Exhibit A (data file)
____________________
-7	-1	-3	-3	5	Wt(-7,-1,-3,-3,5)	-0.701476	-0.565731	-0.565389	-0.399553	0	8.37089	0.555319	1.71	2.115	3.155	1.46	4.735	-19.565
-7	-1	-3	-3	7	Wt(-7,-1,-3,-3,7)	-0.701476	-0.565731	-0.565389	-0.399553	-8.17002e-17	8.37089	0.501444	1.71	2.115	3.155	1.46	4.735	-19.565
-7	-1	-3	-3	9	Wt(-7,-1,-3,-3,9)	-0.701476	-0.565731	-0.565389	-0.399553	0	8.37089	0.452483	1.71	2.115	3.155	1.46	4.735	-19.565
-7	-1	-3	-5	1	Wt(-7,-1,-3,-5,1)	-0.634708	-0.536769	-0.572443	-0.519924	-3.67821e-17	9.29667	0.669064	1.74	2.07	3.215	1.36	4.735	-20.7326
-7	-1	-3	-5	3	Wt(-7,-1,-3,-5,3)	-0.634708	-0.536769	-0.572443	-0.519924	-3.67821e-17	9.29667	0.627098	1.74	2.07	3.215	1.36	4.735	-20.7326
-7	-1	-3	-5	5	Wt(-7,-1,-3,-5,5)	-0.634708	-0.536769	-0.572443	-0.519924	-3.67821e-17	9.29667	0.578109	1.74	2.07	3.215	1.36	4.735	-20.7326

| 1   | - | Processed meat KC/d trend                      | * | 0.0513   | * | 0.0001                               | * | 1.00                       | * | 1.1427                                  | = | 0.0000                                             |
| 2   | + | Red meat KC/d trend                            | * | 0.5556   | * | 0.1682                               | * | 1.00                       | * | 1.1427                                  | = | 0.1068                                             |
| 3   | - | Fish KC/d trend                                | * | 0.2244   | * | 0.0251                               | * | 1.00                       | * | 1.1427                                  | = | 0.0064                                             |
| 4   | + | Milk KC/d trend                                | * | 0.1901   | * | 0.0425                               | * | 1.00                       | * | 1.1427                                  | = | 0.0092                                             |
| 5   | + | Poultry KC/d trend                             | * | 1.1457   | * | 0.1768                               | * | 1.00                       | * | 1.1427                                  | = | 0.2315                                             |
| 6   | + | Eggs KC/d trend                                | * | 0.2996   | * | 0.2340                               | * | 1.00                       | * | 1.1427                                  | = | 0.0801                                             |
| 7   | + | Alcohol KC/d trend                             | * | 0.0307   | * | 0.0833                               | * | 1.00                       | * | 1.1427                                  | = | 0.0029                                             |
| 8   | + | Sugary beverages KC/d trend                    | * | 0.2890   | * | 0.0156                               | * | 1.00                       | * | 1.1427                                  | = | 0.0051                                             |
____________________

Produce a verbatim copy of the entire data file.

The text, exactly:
-7	-1	-3	-3	5	Wt(-7,-1,-3,-3,5)	-0.701476	-0.565731	-0.565389	-0.399553	0	8.37089	0.555319	1.71	2.115	3.155	1.46	4.735	-19.565
-7	-1	-3	-3	7	Wt(-7,-1,-3,-3,7)	-0.701476	-0.565731	-0.565389	-0.399553	-8.17002e-17	8.37089	0.501444	1.71	2.115	3.155	1.46	4.735	-19.565
-7	-1	-3	-3	9	Wt(-7,-1,-3,-3,9)	-0.701476	-0.565731	-0.565389	-0.399553	0	8.37089	0.452483	1.71	2.115	3.155	1.46	4.735	-19.565
-7	-1	-3	-5	1	Wt(-7,-1,-3,-5,1)	-0.634708	-0.536769	-0.572443	-0.519924	-3.67821e-17	9.29667	0.669064	1.74	2.07	3.215	1.36	4.735	-20.7326
-7	-1	-3	-5	3	Wt(-7,-1,-3,-5,3)	-0.634708	-0.536769	-0.572443	-0.519924	-3.67821e-17	9.29667	0.627098	1.74	2.07	3.215	1.36	4.735	-20.7326
-7	-1	-3	-5	5	Wt(-7,-1,-3,-5,5)	-0.634708	-0.536769	-0.572443	-0.519924	-3.67821e-17	9.29667	0.578109	1.74	2.07	3.215	1.36	4.735	-20.7326

| 1   | - | Processed meat KC/d trend                      | * | 0.0513   | * | 0.0001                               | * | 1.00                       | * | 1.1427                                  | = | 0.0000                                             |
| 2   | + | Red meat KC/d trend                            | * | 0.5556   | * | 0.1682                               | * | 1.00                       | * | 1.1427                                  | = | 0.1068                                             |
| 3   | - | Fish KC/d trend                                | * | 0.2244   | * | 0.0251                               | * | 1.00                       | * | 1.1427                                  | = | 0.0064                                             |
| 4   | + | Milk KC/d trend                                | * | 0.1901   | * | 0.0425                               | * | 1.00                       | * | 1.1427                                  | = | 0.0092                                             |
| 5   | + | Poultry KC/d trend                             | * | 1.1457   | * | 0.1768                               | * | 1.00                       | * | 1.1427                                  | = | 0.2315                                             |
| 6   | + | Eggs KC/d trend                                | * | 0.2996   | * | 0.2340                               | * | 1.00                       | * | 1.1427                                  | = | 0.0801                                             |
| 7   | + | Alcohol KC/d trend                             | * | 0.0307   | * | 0.0833                               | * | 1.00                       | * | 1.1427                                  | = | 0.0029                                             |
| 8   | + | Sugary beverages KC/d trend                    | * | 0.2890   | * | 0.0156                               | * | 1.00                       | * | 1.1427                                  | = | 0.0051                                             |